And while the economic success of India in the past few decades must be celebrated, indicators of well-being in the country show that optimizing for macroeconomic success is not synonymous with optimizing for personal well-being. The National Mental Health Survey 2015–16 revealed that nearly 15% Indian adults need active intervention for one or more mental health issues and one in 20 Indians suffers from depression. It is estimated that in 2012, India had over 258,000 suicides, with the age-group of 15–49 years being most affected. According to the World Health Organization, India is the most depressed country in the world with approximately 6.5 per cent of the population suffering from some form of depression. Though figures may vary, based on the surveying method, one thing is clear: Indians are clearly unhappy. As such, it should be clear that while the economic growth machine is running, it is now necessary for the government to start considering indicators that are playing laggard, especially those that can help contribute to greater levels of well-being.
In the past, learnings from religions such as Buddhism on well-being may have been shunned because of their sectarian nature, but thankfully, modern psychology, mindfulness and the field of humanistic positive psychology are now validating what were previously considered merely religious dogma through empirical research. This, and other developments in the field of emotional intelligence, can be leveraged to create a scientific pathway for governments to reprioritize and optimize for happiness and well-being of its constituents.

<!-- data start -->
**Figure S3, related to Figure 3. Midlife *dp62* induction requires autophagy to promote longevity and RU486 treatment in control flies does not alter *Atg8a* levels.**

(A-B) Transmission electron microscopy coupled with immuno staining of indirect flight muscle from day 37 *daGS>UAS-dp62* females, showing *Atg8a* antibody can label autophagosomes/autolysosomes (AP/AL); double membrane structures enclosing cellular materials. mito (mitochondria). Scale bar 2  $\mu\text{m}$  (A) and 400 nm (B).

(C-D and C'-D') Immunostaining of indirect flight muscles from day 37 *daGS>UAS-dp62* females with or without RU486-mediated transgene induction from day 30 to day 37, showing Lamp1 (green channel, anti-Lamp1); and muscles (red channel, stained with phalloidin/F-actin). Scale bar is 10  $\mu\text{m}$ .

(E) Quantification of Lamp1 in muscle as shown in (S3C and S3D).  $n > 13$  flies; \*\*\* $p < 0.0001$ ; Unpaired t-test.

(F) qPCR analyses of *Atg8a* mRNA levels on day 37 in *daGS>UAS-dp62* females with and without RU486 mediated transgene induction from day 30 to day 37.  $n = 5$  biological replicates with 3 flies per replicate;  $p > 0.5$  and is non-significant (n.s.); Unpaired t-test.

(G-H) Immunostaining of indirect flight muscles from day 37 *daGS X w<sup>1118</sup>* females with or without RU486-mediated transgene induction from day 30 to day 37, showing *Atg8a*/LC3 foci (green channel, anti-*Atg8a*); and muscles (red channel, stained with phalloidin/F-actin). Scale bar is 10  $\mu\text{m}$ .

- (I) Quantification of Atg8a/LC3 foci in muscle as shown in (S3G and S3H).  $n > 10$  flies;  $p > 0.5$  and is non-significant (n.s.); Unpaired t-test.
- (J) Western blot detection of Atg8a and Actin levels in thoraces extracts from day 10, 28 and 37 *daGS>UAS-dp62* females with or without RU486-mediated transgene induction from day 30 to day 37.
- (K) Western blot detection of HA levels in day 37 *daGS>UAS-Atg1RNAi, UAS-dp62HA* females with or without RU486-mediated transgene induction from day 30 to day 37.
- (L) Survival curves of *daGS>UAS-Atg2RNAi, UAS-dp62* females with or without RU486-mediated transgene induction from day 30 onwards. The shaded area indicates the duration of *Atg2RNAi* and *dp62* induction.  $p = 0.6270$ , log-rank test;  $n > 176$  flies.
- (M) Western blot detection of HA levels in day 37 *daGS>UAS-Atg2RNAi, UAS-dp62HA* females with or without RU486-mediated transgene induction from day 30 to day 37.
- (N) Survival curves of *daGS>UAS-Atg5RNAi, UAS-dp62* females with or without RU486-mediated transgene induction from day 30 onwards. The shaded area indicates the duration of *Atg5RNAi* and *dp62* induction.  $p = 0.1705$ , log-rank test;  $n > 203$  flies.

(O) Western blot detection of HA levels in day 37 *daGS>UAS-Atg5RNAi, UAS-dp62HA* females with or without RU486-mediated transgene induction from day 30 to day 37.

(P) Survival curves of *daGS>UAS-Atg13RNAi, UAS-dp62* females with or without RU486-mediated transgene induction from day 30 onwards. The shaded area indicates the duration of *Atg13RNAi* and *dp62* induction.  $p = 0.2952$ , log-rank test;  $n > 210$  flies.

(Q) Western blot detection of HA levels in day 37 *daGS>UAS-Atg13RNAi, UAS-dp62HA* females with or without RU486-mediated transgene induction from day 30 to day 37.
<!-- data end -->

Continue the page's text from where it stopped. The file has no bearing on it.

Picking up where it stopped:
The introduction of positive psychology practices such as savoring and gratitude, and socio-emotional learning into educational curriculums are seeds that are likely to give exponential returns over a generational period. By focusing on and prioritizing emotional understanding and regulation early on, schools can equip children with the tools needed to create a comfort with thoughts and emotions, rather than view them antagonistically.
In the short to medium run, linking administrative outcomes to improvements in India’s ranking on the World Happiness Report, which currently stands at 144 out of 156, can yield expedited results. Such expedited successes are not unheard of. Soon after coming to power in 2014, Prime Minister Narendra Modi made improving India’s ranking on the Ease of Doing Business a priority, and his prioritization resulted in administrative optimization to this end. The result — India’s ranking on the index jumped from 139 in 2010 to 63 in 2019.
Happiness has likely never been a priority because along with being low on the voting agenda, there has been no defined method to optimize for it. While the first may not change, the route to optimization is now clearer and backed by science. For the ruling dispensation, the shift to this optimization would not be seismic, but a logical expansion of their own philosophy, which too, is uniquely indigenous.
While Buddhism gave us mindfulness practices and spoke of enlightenment in the abstract, psychology has been able to analyze and break down the causes of success of these methods. By optimizing for the science based on an Indian philosophy, the government can show its commitment to empirical methods while boasting its cultural past.